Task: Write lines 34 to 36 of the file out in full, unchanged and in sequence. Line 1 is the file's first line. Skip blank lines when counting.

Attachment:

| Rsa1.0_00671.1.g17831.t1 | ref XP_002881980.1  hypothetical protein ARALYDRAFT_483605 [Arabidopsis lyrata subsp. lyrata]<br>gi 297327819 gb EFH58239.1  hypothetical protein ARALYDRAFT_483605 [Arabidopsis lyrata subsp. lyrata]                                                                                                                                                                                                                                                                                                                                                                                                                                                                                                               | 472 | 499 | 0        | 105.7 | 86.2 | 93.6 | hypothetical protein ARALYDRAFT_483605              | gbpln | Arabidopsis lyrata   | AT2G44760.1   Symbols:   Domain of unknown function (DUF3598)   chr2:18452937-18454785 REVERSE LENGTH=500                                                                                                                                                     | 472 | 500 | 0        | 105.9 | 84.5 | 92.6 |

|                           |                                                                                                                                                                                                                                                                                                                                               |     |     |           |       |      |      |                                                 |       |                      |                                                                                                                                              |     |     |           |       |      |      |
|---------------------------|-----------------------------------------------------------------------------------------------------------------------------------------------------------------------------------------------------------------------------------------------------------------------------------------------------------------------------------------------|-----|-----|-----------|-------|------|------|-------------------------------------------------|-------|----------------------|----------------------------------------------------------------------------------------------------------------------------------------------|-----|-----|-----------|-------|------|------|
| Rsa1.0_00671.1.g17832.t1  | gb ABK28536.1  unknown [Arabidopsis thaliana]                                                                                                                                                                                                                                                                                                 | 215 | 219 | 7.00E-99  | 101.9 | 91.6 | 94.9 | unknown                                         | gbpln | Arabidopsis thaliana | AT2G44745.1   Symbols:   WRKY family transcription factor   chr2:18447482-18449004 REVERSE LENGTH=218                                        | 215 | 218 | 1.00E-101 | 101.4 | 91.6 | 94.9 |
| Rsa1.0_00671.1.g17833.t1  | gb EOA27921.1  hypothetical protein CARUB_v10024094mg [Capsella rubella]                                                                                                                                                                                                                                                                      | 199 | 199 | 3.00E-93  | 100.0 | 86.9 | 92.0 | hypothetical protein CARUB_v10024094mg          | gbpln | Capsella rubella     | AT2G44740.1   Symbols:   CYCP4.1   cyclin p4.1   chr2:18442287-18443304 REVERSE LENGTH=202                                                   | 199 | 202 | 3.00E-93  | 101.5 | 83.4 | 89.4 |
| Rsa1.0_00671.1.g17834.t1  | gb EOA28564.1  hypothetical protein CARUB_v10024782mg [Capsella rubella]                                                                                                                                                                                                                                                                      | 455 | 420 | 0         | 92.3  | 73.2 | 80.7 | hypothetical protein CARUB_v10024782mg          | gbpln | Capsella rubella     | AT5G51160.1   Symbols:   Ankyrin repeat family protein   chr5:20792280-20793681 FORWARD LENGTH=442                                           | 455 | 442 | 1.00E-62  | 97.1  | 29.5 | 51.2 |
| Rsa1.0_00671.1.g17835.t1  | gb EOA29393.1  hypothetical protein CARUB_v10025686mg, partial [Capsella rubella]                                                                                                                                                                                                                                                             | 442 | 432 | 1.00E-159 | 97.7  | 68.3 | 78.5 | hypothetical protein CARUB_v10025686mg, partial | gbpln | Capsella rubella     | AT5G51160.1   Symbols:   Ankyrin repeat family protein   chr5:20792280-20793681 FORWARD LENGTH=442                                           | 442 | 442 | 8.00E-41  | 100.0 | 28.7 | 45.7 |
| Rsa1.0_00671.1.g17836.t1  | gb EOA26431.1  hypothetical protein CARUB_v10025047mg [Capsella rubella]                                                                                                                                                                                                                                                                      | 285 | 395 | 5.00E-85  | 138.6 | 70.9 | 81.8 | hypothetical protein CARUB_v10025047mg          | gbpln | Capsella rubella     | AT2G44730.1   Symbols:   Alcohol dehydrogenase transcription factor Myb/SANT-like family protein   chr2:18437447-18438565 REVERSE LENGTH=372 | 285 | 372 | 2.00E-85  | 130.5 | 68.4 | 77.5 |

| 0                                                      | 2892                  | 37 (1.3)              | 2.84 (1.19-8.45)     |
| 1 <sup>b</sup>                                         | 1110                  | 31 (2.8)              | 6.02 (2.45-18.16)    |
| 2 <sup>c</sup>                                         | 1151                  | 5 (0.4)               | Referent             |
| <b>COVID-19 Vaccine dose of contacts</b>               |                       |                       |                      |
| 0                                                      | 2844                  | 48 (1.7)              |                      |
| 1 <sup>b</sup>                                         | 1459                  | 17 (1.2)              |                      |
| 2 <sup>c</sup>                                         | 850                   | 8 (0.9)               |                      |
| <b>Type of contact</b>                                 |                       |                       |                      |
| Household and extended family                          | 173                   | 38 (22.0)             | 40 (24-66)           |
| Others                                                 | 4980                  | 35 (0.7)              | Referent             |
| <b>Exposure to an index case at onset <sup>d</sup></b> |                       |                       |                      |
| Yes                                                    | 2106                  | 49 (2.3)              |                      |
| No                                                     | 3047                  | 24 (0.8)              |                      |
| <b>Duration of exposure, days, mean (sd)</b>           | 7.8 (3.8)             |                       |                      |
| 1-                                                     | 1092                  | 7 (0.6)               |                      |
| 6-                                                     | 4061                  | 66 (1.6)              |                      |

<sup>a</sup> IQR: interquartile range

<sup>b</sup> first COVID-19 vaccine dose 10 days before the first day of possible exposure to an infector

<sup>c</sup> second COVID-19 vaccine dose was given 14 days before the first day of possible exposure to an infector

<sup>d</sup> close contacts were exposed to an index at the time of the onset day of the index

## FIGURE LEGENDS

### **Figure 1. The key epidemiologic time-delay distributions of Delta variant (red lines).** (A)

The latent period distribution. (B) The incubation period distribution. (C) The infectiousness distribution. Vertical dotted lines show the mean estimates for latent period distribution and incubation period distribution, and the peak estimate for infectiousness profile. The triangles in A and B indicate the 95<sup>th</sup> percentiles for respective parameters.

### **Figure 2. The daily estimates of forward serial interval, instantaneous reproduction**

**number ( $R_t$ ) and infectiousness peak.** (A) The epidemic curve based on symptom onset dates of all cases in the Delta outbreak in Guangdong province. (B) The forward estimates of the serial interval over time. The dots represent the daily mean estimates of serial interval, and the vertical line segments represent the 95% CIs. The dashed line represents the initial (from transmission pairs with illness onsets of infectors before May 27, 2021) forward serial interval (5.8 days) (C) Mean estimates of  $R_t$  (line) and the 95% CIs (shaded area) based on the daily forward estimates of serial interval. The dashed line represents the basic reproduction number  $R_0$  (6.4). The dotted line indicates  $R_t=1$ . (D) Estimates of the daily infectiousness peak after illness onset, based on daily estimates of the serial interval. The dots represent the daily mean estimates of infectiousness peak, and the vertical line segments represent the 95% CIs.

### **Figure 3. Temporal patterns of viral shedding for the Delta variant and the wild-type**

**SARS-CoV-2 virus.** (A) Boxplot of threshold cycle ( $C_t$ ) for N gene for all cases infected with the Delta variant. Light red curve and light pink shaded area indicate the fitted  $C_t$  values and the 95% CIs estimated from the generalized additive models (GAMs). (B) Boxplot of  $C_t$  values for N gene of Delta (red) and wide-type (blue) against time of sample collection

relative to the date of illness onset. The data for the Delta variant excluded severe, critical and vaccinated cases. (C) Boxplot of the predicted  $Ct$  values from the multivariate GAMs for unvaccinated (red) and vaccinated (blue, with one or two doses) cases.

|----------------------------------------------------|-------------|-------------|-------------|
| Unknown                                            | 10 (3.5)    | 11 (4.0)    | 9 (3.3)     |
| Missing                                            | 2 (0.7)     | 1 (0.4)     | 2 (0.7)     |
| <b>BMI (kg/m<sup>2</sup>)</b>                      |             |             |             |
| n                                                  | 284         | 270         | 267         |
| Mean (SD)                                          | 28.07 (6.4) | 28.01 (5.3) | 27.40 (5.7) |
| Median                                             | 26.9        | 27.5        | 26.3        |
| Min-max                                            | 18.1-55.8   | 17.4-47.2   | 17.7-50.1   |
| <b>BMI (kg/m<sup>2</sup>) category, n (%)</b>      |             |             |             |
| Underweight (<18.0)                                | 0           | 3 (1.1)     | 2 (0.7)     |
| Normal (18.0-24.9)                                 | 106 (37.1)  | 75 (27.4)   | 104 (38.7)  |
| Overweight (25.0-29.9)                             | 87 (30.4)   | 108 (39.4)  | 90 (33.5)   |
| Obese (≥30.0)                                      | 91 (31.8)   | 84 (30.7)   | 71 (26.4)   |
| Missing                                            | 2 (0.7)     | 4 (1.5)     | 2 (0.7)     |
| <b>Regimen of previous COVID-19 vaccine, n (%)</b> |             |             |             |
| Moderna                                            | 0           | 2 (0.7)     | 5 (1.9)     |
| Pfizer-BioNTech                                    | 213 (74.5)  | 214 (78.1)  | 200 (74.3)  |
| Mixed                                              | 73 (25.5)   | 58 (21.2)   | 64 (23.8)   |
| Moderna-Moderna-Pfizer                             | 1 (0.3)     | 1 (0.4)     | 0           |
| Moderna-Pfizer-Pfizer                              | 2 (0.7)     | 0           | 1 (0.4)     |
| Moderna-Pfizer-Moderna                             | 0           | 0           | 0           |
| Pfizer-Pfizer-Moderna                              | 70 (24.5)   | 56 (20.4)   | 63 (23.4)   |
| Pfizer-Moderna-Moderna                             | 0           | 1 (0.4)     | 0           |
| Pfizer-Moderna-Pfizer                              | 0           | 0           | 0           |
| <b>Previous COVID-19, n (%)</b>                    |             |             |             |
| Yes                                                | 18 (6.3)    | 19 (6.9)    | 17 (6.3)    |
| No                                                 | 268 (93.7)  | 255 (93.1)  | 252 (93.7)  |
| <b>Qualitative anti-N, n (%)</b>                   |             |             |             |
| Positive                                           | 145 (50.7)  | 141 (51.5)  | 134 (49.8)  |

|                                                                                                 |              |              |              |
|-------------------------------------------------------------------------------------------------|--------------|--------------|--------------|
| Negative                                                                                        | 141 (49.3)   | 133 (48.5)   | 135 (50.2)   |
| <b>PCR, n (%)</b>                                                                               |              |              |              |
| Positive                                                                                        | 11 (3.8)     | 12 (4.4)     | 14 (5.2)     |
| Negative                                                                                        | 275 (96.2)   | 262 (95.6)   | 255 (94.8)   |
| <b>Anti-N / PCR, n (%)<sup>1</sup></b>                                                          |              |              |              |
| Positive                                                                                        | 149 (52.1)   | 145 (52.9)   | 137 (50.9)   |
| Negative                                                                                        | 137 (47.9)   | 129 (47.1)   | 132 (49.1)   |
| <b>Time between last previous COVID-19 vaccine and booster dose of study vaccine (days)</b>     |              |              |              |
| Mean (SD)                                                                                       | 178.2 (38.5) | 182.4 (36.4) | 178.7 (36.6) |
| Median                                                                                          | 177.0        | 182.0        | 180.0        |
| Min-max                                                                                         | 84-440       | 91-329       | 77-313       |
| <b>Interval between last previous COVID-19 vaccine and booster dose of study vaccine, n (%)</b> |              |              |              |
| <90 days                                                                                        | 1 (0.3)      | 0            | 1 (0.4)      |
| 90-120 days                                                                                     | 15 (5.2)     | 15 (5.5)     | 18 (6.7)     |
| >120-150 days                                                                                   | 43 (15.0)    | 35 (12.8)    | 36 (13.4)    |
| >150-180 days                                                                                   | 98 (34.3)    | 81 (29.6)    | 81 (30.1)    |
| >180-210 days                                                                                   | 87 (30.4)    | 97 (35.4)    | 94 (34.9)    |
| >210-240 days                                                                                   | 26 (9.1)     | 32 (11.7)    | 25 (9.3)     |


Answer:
### **Figure 3. Temporal patterns of viral shedding for the Delta variant and the wild-type**

**SARS-CoV-2 virus.** (A) Boxplot of threshold cycle ( $C_t$ ) for N gene for all cases infected with the Delta variant. Light red curve and light pink shaded area indicate the fitted  $C_t$  values and the 95% CIs estimated from the generalized additive models (GAMs). (B) Boxplot of  $C_t$  values for N gene of Delta (red) and wide-type (blue) against time of sample collection

relative to the date of illness onset. The data for the Delta variant excluded severe, critical and vaccinated cases. (C) Boxplot of the predicted  $Ct$  values from the multivariate GAMs for unvaccinated (red) and vaccinated (blue, with one or two doses) cases.